As he trained for his first Comrades Marathon, 10X Investments’ senior investment analyst, Chris Eddy, was struck by the parallels between long-distance running and saving for retirement.
He outlines a few of the similarities.
1. A long, steady game
To finish a marathon like the Comrades you need to be physically and mentally committed.
It’s not the type of thing you can “sort of” do, or “kind of” be part of.
You need to start training in good time and consistently put in the hours, week in and week out, to ensure that you are prepared to endure and complete “The Ultimate Human Race”.
A lack of consistent preparation is a sure-fire way to blow your race, which is normally only evident in the second half of the race as you are not able to maintain your desired pace.
Few people realise that a similar, consistent dedication should be applied to long-term investing. Starting to save too late, or not saving consistently, are two key reasons retirees discover that they do not have enough money to sustain the “pace” of their lifestyle in retirement.
2. It’s further than you think. Get a realistic grasp of the time and distance
90km. Wow. It’s hard to fathom what it would take to run that distance.
It’s also hard to imagine what it will take to pay your bills until you are 90 when you expect to stop working at 60.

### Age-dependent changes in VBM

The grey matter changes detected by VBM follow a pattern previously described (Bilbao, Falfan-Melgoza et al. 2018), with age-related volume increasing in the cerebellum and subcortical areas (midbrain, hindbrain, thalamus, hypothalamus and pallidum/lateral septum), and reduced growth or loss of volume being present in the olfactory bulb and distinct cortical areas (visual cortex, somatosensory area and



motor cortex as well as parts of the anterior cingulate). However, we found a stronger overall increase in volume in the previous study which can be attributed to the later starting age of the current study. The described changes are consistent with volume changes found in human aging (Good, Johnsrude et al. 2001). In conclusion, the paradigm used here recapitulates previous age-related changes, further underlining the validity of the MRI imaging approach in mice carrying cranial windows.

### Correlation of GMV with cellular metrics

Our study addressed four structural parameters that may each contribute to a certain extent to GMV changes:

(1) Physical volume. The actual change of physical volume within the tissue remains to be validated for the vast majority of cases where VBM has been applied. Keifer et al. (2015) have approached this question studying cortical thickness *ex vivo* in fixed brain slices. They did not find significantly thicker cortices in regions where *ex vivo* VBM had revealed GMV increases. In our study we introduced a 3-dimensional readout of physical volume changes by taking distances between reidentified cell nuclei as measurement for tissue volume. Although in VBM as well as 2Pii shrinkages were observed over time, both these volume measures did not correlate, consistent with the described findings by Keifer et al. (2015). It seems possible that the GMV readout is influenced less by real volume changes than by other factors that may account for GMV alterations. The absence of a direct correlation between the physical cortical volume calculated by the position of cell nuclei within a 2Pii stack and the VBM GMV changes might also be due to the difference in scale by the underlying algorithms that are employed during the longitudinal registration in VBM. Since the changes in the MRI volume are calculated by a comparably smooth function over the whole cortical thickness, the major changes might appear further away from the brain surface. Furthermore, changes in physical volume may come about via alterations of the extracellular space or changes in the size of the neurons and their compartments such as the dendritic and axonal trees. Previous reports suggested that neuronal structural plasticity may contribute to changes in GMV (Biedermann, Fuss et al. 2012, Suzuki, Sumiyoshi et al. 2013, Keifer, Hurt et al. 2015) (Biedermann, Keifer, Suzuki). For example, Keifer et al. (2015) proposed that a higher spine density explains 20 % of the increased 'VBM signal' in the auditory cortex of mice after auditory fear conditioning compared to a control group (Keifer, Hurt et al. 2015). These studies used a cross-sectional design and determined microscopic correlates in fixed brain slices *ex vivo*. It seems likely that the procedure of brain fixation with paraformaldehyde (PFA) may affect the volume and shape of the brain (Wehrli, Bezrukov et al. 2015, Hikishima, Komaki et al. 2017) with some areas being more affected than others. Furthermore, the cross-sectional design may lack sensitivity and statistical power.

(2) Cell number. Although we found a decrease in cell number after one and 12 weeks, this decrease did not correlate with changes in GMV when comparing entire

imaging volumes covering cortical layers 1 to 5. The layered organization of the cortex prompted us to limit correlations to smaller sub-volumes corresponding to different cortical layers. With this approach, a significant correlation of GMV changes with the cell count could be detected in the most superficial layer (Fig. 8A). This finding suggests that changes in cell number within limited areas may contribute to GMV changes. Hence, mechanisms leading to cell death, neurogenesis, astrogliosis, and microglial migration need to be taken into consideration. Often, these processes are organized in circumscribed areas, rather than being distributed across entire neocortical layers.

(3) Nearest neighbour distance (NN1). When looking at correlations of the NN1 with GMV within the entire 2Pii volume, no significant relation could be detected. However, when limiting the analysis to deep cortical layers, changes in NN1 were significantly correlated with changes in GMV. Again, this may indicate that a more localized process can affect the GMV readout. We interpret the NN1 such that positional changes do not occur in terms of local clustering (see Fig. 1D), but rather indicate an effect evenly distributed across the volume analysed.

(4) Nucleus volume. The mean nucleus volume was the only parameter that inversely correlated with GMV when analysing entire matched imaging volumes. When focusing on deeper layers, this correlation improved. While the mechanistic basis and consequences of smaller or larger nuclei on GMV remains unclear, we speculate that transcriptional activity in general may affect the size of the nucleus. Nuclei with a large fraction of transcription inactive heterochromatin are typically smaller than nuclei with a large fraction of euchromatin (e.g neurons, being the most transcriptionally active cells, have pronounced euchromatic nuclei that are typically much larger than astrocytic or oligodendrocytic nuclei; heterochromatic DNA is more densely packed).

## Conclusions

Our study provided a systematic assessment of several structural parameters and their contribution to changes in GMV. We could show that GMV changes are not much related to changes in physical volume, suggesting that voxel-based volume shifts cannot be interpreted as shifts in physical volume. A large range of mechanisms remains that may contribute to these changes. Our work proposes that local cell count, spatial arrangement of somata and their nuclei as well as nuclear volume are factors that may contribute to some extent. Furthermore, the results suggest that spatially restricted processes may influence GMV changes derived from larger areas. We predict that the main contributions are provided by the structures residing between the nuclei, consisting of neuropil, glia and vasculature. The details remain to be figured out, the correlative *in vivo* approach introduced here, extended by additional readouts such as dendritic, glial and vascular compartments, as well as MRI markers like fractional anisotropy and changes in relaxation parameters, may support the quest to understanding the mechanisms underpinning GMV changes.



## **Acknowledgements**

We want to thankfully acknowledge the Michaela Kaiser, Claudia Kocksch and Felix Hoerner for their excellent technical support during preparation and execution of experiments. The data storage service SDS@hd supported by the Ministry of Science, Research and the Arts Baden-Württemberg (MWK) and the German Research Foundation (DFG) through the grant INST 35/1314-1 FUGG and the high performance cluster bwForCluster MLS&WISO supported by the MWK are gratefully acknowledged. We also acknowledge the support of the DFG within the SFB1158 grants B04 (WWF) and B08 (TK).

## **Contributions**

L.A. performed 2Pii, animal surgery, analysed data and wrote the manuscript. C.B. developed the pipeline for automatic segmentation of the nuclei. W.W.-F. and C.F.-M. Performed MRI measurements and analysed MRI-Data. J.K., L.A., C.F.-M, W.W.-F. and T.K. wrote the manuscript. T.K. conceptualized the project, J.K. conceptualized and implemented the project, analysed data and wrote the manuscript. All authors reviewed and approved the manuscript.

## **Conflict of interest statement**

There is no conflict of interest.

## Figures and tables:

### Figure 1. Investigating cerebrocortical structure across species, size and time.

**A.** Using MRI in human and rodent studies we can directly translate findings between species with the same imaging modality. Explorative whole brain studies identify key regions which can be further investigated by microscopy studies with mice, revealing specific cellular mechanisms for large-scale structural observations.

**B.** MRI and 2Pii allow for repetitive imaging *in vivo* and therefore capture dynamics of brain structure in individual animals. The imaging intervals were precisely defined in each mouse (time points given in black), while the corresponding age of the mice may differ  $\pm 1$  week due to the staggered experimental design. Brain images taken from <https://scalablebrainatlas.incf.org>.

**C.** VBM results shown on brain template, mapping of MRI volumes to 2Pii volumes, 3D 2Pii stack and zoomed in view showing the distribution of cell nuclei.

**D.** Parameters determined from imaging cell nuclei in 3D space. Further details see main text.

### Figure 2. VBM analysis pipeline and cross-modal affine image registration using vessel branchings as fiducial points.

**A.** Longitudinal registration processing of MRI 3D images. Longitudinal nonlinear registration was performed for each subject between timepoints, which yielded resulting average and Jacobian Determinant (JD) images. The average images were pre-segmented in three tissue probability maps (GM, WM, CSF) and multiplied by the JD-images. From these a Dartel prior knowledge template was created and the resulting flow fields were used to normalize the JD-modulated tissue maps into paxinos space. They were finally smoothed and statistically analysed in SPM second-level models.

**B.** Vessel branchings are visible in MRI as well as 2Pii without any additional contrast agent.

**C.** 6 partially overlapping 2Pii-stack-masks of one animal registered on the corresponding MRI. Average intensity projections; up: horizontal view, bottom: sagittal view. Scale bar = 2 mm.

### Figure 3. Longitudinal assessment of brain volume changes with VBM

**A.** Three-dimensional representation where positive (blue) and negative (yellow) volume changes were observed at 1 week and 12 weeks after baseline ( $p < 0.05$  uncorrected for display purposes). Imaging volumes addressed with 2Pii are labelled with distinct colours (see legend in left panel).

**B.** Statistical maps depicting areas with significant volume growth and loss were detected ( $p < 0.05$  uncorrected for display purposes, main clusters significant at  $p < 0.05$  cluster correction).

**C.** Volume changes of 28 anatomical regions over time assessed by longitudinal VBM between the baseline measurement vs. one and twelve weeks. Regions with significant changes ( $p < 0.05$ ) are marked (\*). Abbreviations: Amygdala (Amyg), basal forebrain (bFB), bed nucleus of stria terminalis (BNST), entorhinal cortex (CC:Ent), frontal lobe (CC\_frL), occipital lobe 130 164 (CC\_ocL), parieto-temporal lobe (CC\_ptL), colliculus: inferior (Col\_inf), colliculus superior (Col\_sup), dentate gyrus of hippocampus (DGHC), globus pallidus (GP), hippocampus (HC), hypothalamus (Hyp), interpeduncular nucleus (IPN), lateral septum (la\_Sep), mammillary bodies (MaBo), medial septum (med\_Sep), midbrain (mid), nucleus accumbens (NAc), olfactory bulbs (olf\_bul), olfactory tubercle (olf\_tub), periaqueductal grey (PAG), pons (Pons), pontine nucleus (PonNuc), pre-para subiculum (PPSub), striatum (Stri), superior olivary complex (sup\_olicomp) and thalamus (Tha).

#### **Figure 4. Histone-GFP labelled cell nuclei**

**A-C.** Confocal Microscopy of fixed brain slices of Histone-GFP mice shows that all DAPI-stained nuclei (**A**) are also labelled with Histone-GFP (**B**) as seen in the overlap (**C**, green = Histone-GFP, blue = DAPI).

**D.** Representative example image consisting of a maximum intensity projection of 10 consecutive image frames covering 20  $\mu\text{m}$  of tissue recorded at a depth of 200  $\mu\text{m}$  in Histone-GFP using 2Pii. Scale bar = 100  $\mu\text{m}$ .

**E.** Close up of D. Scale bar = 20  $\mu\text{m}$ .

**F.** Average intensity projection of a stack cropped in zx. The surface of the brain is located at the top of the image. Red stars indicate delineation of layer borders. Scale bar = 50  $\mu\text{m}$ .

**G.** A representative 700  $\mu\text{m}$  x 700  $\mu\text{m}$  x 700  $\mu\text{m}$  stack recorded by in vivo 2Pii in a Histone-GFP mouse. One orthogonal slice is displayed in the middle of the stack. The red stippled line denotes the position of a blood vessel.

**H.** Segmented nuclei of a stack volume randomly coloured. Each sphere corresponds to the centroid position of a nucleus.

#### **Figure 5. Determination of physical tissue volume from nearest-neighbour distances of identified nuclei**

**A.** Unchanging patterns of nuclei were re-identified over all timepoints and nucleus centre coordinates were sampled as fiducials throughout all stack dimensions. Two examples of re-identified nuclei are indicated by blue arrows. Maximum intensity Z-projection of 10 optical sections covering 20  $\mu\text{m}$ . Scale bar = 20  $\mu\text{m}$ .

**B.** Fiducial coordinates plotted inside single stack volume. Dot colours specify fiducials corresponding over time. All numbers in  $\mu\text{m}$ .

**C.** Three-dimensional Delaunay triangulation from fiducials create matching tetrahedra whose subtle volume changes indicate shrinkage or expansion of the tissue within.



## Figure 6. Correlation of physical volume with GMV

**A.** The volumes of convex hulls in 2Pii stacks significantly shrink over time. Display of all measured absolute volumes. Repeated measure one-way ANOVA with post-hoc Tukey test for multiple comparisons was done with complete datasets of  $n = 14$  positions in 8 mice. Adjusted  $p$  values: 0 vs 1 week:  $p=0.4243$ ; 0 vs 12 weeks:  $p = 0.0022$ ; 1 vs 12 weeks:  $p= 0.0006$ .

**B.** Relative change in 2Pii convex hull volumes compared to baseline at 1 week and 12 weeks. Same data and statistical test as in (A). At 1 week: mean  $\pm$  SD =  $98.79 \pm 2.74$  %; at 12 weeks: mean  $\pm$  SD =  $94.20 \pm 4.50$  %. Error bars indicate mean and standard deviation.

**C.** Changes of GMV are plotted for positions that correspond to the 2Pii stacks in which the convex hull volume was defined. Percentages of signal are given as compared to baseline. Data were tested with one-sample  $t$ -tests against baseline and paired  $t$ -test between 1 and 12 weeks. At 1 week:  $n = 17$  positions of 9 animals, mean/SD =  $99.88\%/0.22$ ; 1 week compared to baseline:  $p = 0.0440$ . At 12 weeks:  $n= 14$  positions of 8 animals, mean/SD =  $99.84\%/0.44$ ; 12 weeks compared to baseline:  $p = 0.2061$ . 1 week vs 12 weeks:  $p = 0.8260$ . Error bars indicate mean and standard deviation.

Every runner sets out with a goal. Maybe you’re aiming for a Wally Hayward medal, meaning you must complete the race in under six hours.
Perhaps getting your hands on a Bill Rowan, which means completing in under 9 hours, is your dream. Many, many runners, myself included, set their sights on finishing before cut-off, the 12-hour mark.
Once you have your goal in mind, you need to determine what pace you must run to reach that goal. A similar process should apply in investing. Understand how much time you have until you retire, how much you have saved so far, and how much you will need to save each month so that you can pay your bills in retirement.
Thankfully, for runners, there are pacing calculators to help determine the required pace.
For investors, there are retirement calculators to evaluate whether you are on track to reach your retirement goal and, if not, what steps you need to take to get back on track.